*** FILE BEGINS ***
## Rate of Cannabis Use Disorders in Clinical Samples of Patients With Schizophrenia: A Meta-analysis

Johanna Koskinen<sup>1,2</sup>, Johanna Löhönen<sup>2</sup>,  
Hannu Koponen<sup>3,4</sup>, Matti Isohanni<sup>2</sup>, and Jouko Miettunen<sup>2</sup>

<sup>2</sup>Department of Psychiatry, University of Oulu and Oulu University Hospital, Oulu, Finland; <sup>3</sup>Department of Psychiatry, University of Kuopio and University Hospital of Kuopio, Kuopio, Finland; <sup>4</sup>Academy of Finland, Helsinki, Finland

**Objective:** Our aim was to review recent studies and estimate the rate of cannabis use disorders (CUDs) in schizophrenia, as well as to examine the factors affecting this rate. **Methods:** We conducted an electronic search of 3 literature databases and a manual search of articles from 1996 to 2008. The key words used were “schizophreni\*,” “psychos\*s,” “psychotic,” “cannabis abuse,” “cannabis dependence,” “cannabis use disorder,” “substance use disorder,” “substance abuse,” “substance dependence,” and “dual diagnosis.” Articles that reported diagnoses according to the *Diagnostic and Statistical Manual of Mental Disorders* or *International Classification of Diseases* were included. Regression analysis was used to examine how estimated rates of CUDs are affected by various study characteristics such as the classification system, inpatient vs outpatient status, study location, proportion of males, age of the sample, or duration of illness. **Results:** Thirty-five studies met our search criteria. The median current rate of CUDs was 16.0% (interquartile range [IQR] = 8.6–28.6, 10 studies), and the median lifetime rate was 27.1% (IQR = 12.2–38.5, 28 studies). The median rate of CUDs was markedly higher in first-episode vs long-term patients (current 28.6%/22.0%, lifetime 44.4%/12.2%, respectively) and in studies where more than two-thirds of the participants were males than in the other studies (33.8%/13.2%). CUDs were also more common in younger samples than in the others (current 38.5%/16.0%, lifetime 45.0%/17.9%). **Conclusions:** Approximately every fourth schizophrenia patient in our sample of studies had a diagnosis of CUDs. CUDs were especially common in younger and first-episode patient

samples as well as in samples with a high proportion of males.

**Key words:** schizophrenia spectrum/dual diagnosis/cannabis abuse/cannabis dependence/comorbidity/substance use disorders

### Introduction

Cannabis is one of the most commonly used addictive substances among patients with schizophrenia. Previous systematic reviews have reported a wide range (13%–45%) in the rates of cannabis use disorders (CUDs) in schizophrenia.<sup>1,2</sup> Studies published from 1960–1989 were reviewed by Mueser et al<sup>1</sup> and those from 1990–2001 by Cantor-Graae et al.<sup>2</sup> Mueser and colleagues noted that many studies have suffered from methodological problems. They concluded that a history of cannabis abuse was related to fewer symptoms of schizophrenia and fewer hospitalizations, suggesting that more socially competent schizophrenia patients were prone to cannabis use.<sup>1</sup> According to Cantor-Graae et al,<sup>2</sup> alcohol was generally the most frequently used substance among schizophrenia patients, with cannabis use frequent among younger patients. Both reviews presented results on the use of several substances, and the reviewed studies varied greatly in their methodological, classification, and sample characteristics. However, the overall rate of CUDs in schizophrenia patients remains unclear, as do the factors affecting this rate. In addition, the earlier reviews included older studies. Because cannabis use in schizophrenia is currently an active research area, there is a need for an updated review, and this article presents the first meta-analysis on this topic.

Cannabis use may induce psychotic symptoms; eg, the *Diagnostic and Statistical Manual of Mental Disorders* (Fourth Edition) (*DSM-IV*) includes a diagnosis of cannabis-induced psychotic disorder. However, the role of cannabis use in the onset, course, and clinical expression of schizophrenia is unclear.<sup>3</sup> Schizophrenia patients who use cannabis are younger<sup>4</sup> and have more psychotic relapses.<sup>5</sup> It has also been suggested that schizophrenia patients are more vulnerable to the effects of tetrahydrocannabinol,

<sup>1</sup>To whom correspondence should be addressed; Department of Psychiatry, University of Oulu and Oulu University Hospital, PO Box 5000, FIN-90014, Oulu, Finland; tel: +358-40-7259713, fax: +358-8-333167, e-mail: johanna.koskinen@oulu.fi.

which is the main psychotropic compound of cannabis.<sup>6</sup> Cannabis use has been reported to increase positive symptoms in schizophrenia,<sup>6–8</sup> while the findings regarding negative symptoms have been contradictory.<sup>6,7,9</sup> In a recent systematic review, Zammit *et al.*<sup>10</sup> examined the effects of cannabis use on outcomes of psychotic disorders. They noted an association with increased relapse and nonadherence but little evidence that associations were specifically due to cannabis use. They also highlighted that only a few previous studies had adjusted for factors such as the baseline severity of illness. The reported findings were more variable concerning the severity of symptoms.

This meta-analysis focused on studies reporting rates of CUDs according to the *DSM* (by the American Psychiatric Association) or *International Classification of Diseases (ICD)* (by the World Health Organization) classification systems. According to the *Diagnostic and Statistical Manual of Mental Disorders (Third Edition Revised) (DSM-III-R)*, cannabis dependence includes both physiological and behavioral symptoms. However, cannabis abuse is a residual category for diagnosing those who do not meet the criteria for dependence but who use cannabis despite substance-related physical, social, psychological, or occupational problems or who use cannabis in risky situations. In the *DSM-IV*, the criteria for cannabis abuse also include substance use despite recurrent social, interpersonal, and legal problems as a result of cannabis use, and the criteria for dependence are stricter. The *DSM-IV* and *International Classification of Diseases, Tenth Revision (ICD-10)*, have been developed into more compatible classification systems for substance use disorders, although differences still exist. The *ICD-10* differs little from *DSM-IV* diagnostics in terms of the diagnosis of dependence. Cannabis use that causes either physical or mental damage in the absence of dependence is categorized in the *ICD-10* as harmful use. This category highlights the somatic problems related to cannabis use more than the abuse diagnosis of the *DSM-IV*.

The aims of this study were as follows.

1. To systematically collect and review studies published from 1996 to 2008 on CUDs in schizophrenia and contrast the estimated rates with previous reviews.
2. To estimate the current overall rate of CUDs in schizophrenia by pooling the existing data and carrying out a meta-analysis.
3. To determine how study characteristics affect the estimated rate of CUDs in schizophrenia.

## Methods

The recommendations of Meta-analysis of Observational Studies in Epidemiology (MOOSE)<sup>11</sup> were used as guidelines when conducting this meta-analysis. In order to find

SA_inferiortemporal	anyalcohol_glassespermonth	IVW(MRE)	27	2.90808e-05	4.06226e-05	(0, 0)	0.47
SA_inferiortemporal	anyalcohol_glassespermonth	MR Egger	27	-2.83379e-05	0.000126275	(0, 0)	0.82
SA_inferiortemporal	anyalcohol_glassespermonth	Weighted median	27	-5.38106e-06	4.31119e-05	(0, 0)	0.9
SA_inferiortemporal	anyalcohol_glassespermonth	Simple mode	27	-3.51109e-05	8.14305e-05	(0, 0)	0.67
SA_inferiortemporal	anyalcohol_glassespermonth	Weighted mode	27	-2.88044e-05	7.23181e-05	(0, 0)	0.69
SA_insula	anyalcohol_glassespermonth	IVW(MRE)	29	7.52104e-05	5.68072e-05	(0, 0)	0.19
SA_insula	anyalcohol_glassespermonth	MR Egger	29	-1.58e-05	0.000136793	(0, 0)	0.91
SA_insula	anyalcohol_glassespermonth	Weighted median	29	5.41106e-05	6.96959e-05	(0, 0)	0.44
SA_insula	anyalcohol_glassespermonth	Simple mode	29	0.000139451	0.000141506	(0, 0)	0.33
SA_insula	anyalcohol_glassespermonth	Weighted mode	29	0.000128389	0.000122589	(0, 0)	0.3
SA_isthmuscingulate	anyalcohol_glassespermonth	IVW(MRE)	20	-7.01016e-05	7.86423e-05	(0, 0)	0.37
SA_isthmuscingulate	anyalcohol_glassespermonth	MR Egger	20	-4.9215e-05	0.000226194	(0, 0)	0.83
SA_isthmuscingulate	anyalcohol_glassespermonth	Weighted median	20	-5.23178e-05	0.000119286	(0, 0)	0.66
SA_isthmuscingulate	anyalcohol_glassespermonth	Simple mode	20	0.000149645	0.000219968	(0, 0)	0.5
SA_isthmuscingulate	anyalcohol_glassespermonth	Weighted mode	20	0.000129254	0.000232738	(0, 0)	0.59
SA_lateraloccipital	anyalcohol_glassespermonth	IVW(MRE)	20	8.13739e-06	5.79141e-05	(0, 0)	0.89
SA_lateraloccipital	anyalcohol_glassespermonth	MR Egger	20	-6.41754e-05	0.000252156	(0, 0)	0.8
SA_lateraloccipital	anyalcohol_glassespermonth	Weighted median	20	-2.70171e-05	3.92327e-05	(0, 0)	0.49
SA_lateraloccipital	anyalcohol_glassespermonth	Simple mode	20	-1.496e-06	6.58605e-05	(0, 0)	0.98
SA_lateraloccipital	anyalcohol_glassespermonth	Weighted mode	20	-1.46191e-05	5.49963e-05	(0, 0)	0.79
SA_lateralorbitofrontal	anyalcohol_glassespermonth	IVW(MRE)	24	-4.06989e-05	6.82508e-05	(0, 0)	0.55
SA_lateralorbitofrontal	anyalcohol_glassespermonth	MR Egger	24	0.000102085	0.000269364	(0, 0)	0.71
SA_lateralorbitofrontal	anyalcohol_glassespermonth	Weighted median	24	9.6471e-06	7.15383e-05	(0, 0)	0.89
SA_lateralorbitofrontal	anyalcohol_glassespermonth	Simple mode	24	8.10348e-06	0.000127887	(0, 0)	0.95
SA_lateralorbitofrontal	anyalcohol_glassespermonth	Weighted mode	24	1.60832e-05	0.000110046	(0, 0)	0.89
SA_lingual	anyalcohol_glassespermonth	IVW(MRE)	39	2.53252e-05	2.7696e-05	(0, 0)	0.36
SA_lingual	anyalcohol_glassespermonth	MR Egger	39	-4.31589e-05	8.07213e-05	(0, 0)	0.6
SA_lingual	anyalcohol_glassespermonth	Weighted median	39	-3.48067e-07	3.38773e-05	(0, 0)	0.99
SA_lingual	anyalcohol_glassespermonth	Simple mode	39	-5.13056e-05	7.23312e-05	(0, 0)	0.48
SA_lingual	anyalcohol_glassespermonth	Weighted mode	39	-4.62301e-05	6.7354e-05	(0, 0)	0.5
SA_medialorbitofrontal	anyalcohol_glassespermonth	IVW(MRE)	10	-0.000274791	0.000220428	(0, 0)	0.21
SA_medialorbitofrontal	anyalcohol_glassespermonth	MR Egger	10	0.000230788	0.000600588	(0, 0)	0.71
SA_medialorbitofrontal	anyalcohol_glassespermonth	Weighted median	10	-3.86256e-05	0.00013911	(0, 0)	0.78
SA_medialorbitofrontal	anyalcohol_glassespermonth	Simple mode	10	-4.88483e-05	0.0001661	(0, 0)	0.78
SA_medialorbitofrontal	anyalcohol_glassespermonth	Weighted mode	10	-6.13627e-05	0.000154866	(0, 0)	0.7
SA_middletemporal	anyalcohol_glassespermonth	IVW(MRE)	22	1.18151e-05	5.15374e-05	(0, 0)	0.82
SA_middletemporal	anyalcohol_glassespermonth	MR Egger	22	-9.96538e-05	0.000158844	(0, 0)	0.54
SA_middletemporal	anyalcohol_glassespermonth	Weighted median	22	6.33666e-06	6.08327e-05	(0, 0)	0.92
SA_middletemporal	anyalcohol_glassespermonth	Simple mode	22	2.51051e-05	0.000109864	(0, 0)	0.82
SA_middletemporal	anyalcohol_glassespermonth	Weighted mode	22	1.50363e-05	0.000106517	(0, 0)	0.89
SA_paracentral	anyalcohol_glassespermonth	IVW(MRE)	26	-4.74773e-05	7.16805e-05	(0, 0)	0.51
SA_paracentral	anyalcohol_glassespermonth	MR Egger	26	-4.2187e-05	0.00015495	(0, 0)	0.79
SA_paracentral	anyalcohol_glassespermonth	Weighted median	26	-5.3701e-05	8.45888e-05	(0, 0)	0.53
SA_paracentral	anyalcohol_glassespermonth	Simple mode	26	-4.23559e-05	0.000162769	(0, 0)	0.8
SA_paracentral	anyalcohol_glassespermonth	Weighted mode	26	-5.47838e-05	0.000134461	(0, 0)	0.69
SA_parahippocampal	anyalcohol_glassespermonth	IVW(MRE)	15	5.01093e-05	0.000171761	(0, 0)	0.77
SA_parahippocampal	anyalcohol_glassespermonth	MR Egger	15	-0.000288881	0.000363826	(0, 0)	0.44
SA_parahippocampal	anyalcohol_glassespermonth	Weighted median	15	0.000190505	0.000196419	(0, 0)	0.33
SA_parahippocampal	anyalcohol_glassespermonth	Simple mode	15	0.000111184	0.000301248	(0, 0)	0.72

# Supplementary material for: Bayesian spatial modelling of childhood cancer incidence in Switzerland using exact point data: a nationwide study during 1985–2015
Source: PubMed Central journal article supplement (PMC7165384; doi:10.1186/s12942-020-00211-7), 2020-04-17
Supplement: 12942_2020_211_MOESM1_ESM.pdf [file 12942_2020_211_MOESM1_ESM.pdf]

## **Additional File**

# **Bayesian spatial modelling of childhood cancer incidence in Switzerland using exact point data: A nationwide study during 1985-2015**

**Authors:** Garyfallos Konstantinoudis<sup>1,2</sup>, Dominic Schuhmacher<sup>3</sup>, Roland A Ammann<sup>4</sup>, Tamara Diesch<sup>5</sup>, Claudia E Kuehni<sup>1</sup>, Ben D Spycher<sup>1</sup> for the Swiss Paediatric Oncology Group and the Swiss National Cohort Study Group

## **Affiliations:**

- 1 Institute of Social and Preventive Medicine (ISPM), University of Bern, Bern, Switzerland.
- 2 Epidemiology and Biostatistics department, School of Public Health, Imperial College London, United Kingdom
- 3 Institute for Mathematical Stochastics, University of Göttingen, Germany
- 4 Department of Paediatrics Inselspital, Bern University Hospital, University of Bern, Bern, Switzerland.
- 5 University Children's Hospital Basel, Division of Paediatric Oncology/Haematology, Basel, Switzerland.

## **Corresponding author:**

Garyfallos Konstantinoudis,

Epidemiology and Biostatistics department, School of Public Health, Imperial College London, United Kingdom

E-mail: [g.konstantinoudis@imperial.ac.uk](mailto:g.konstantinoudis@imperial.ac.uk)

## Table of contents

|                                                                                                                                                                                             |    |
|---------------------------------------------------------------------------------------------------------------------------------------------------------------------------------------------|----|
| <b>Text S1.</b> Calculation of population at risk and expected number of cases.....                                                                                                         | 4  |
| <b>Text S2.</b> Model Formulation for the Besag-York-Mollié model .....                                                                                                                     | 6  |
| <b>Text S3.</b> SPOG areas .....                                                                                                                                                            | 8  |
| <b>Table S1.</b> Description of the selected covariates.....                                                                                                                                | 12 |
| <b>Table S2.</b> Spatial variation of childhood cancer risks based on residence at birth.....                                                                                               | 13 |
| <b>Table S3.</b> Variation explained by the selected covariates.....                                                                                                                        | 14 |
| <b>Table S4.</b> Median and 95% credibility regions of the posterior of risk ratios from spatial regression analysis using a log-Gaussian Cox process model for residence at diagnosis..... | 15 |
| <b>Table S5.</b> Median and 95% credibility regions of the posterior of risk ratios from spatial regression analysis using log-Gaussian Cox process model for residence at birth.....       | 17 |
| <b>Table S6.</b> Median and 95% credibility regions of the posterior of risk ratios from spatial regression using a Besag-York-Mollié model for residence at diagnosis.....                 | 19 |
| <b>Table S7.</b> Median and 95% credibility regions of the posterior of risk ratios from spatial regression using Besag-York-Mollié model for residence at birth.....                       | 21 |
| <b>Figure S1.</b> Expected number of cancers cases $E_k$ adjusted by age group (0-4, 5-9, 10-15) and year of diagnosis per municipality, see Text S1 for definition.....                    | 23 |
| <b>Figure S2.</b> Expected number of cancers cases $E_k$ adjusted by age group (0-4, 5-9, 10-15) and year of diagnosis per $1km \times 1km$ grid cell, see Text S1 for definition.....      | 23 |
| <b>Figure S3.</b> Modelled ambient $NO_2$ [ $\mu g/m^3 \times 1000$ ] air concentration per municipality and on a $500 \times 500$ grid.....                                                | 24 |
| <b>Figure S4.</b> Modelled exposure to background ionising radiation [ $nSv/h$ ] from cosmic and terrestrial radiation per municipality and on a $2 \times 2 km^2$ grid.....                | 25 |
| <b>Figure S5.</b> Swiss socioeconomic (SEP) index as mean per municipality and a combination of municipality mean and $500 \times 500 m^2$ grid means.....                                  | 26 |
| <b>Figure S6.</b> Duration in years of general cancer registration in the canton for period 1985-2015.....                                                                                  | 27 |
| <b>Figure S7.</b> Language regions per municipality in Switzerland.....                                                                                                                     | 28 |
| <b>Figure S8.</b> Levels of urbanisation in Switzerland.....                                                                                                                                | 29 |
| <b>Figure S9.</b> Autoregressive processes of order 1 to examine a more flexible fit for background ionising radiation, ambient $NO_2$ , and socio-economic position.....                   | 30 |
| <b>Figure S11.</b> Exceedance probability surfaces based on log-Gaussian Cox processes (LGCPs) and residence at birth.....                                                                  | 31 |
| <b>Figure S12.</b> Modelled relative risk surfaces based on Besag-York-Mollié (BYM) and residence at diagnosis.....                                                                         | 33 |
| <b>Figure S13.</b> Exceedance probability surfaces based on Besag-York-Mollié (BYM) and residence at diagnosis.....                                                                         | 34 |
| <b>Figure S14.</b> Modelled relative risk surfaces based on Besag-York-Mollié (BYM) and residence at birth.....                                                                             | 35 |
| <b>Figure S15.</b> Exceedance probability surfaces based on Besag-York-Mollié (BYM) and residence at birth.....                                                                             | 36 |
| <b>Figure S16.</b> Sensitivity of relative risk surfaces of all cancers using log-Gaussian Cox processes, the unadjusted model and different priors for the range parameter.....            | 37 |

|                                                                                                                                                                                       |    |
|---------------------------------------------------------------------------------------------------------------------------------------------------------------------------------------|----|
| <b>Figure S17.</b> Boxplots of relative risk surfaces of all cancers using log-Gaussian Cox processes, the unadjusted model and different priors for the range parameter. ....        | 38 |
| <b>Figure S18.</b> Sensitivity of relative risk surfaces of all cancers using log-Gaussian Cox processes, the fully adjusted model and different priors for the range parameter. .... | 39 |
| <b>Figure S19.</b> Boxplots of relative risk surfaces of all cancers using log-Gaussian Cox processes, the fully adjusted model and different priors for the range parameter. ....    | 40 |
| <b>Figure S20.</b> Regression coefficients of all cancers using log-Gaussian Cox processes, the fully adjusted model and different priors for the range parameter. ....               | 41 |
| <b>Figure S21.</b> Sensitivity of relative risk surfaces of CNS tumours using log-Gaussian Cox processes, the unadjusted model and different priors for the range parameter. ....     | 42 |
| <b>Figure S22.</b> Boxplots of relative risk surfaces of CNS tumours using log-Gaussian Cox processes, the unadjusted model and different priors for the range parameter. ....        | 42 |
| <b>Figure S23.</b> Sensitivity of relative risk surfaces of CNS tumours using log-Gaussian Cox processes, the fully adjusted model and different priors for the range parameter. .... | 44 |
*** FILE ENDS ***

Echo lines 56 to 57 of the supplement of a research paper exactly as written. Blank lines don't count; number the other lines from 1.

SA_middletemporal	anyalcohol_glassespermonth	MR Egger	22	-9.96538e-05	0.000158844	(0, 0)	0.54
SA_middletemporal	anyalcohol_glassespermonth	Weighted median	22	6.33666e-06	6.08327e-05	(0, 0)	0.92